S. Africa Poised for Lifting Of International Sanctions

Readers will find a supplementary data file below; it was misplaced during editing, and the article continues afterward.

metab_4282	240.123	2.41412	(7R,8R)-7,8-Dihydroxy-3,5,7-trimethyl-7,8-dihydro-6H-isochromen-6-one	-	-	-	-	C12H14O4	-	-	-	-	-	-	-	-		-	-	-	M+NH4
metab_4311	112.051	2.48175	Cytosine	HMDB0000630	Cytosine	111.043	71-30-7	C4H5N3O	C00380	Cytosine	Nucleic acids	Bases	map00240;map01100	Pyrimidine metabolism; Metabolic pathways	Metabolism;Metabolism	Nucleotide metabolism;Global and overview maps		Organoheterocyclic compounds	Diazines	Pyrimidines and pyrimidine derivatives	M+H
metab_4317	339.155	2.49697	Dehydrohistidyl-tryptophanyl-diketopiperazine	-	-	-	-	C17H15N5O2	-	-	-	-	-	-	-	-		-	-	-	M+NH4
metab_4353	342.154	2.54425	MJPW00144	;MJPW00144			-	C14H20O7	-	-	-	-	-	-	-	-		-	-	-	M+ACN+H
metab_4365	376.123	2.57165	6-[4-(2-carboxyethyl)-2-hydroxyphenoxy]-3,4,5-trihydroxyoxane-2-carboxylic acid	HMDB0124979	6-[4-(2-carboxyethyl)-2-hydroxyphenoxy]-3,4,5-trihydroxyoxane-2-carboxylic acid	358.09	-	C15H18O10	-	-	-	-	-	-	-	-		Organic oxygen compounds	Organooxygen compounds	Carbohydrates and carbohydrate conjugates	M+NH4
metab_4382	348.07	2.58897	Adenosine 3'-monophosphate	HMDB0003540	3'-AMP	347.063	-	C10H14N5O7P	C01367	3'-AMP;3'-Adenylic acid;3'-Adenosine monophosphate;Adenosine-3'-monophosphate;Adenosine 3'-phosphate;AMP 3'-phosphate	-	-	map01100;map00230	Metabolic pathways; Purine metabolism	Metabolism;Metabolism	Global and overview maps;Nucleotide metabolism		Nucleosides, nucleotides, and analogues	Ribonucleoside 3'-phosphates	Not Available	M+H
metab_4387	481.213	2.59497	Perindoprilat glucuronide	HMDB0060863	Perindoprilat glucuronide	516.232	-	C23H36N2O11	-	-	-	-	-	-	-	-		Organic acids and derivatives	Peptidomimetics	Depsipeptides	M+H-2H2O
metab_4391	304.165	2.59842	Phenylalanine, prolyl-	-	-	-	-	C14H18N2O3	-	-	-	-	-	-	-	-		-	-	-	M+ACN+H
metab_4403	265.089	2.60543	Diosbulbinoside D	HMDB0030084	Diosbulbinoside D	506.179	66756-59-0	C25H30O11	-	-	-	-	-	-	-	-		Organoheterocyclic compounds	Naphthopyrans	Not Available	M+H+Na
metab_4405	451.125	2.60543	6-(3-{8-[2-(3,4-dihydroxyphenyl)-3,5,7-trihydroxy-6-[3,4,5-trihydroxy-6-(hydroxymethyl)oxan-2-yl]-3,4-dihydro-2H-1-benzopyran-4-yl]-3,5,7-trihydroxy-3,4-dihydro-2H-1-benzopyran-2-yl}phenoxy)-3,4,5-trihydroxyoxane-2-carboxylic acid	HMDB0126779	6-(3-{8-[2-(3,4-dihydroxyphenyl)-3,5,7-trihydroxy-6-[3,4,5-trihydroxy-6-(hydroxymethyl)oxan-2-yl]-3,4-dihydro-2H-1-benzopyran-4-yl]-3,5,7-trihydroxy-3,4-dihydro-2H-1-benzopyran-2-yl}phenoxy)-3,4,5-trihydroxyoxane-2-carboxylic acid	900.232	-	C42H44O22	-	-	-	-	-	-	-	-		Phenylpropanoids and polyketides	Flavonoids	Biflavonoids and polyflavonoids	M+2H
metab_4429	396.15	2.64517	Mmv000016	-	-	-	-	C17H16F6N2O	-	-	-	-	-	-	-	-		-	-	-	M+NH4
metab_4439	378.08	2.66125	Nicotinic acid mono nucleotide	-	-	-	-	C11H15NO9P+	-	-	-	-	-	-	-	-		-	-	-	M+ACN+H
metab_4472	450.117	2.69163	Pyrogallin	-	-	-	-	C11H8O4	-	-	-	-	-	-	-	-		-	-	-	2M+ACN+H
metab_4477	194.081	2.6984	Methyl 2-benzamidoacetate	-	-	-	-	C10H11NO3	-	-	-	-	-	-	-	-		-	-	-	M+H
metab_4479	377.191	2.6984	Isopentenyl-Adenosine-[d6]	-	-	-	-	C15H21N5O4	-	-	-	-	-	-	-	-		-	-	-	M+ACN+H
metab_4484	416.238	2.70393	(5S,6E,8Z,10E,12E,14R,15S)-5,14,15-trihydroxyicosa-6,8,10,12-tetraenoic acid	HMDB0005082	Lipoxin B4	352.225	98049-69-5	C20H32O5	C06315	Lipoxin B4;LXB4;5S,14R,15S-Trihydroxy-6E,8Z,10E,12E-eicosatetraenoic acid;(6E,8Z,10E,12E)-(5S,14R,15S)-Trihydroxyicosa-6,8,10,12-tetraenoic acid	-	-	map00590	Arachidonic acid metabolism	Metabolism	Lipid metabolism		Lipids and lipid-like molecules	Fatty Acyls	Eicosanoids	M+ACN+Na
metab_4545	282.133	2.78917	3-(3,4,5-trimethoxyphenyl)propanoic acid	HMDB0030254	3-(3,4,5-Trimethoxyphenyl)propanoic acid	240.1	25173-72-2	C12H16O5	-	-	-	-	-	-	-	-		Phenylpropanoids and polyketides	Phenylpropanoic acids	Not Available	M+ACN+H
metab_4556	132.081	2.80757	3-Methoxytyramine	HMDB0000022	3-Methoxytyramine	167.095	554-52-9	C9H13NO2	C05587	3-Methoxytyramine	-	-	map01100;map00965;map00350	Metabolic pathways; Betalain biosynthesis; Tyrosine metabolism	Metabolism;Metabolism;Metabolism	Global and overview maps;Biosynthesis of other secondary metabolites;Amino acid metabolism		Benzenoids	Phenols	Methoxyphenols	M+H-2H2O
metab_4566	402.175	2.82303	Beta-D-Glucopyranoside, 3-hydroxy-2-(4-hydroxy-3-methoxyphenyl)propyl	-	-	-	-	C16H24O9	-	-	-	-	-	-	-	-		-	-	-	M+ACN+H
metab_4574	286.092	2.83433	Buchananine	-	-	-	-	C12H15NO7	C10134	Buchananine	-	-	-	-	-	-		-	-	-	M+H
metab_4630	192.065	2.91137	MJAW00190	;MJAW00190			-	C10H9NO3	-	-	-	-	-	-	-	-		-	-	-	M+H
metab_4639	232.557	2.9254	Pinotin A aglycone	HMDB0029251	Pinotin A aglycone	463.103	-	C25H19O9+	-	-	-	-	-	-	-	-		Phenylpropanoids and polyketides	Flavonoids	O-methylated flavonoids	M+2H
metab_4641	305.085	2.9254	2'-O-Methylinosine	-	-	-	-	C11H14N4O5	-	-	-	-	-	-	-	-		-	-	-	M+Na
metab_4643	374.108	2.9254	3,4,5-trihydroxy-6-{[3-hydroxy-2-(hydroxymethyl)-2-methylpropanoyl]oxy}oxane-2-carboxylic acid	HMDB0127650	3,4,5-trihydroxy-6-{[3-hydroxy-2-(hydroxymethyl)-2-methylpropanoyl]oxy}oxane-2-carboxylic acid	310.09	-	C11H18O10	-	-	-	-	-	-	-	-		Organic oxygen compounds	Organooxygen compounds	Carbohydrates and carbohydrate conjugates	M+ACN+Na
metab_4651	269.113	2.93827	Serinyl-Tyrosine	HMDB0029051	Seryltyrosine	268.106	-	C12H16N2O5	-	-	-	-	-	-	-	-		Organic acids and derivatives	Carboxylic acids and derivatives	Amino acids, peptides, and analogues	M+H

DURBAN, SOUTH AFRICA — THE Pretoria government has welcomed the more flexible position on negotiations and sanctions adopted by the African National Congress at its landmark conference here and has hinted that talks will resume soon."We are in a hurry to get a multiparty conference together to start serious negotiations," South African President Frederik de Klerk told reporters after a meeting with British Foreign Secretary Douglas Hurd in Pretoria July 8. The ANC's softer line at the conference also appears to have opened the international floodgates for renewed diplomatic, economic, and sporting contacts. In Washington, United States State Department officials indicated that President Bush could order the lifting of the Comprehensive Anti-Apartheid Act of 1986 within the next week. Some US Congressmen said they expect sanctions against South Africa to be lifted by Congress after a short battle. Under the prevailing definition of political prisoners, it appears likely the US will certify the situation as meeting the directive to free "all political prisoners." Mr. Hurd, who arrived in South Africa for a short visit July 8, announced 1 million British pounds ($1.63 million) in aid for the repatriation of exiles and pledged substantial British aid to help build the post-apartheid South Africa. At a meeting July 8 with ANC President Nelson Mandela, Hurd acknowledged remaining differences on the sanctions issue, but said they had agreed on South Africa's return to the international sporting arena. The International Olympic Committee, meeting in Lausanne, Switzerland, was expected to announce South Africa's return to the Olympic movement July 10. The meeting, which is being attended by a South African delegation, comes two weeks before the July 25 deadline for invitations to the 1992 Olympic Games in Barcelona, Spain. International sports administrators say South Africa is on the verge of readmittance to the International Amateur Athletics Federation and could attend the World Championships in Tokyo next month. And on July 10 in London, the International Cricket Council was expected to announce the full membership of the new nonracial South African controlling body, the United Cricket Board. Diplomats said India, the first country to impose economic sanctions against South Africa in the 1960s, was planning to send a high-level trade delegation to the country following a meeting of Commonwealth heads of government in Zimbabwe in October. Foreign guests at the ANC conference in Durban read like a Who's Who of countries that have studiously avoided official contacts with South Africa in the past few decades. These included India, Cuba, Algeria, Angola, the Soviet Union, China, Zimbabwe, and Nigeria. Also represented at the ANC conference were the Organization of African Unity, the Palestine Liberation Organization, and the United Nations Special Committee Against Apartheid.